As we look at John’s description of the Savior we have to remember to discern between what is literal and what is spiritual. What John sees here is literally Jesus, but Jesus is manifesting Himself in a way that John can bear. Scripture teaches us that no man can look on God in His full glory and live (See Exodus 33:20-23). So, when the glorified Lord reveals Himself to John in our passage, it is in a form that John can comprehend and survive! (Think about the infinite power and the infinite control our Lord possesses.) As Jesus manifests Himself to John, it is important to note what it is about Himself He chooses to reveal.
(12) And I turned to see the voice that spake with me. And being turned, I saw seven golden candlesticks;
(13) And in the midst of the seven candlesticks one like unto the Son of man, clothed with a garment down to the foot, and girt about the paps with a golden girdle.
(14) His head and his hairs were white like wool, as white as snow; and his eyes were as a flame of fire;
(15) And his feet like unto fine brass, as if they burned in a furnace; and his voice as the sound of many waters.
A Priest Dedicated to His Task
What John sees tells us much about the Person, character and ministry of our Savior. After seeing Him as “one like unto a son of man,” John says the Lord was “clothed with a garment down to the foot.” This was the clothing of both kings and prophets. However, John uses an interesting word for “garment.” It is a Greek word that appears seven times in the Septuagint (the Greek translation of the Old Testament) and in six of those seven times it is used to describe the robes of the High Priest. Jesus certainly is King and He certainly is the Prophet, but John wants us to understand that this great and glorious Savior of ours, this One who is a son of man is also our Great High Priest, our Intercessor, our Advocate, the One through whom we have access to God the Father. To add to this understanding John also notes that Jesus was “girt about the paps with a golden girdle.” To put that in more modern terms: “He wore a golden sash across His chest.” That golden sash was also part of the High Priest’s attire. (See Exodus 28:4; Leviticus 16:4) So, of all the things John could note about the Lord’s attire and ministry, the Lord sees to it that he first notes Jesus’ ministry as our great High Priest.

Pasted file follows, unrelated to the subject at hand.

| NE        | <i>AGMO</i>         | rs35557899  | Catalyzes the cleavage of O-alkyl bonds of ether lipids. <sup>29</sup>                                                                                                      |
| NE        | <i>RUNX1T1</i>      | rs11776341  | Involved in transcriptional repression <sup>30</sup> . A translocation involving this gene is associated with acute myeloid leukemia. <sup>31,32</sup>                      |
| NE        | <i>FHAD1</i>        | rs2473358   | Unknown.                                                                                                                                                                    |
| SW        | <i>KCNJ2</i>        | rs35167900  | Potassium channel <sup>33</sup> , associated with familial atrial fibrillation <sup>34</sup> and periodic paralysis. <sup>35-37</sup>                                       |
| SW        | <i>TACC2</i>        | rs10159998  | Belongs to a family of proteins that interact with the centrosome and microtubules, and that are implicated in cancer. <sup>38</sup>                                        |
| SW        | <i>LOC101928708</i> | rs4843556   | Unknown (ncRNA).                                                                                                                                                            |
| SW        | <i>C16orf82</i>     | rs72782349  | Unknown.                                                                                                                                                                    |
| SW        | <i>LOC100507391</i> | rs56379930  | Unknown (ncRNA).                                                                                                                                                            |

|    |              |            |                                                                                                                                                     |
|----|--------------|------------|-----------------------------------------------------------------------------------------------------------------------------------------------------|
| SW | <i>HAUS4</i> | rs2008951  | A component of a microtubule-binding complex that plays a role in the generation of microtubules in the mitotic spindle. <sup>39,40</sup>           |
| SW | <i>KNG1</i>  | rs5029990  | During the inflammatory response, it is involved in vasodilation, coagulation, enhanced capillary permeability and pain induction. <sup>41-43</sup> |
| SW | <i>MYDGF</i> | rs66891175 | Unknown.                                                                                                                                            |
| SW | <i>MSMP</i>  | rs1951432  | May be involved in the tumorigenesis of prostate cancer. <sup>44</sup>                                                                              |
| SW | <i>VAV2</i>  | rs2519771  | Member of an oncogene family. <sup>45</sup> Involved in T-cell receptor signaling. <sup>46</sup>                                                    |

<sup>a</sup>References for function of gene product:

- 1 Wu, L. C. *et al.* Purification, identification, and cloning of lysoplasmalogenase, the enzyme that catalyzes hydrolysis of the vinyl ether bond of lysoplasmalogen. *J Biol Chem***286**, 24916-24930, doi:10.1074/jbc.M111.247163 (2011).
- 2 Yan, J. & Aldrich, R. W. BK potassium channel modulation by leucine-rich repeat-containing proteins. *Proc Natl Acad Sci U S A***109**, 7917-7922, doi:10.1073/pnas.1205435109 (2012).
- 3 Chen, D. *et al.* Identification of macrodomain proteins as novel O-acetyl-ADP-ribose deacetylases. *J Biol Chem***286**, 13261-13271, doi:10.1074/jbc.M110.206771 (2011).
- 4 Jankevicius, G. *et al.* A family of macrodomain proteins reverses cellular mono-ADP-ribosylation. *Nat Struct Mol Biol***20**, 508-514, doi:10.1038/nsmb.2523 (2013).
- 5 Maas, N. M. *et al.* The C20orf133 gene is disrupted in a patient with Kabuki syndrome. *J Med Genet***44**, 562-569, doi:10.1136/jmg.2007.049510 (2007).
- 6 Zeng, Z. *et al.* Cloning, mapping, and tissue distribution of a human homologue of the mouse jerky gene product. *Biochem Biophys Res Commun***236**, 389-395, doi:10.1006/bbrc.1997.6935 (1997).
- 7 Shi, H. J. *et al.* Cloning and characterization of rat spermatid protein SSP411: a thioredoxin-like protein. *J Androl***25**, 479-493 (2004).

A Priest All-Wise and All-Knowing
John goes on to say that the Lord’s “head and…hairs were white like wool, as white as snow….” Daniel 7:9 uses similar language to describe “the Ancient of Days” (God the Father). So, here again, as he so often does in his gospel, John is proclaiming the deity of Christ. The word we translate as “white” is the Greek word leukos and carries with it the idea of something that is “blazing, or brilliant.” It is a symbol of the Lord’s eternality, purity, holiness, and truthfulness.
A Loving Priest All-Seeing and Unbiased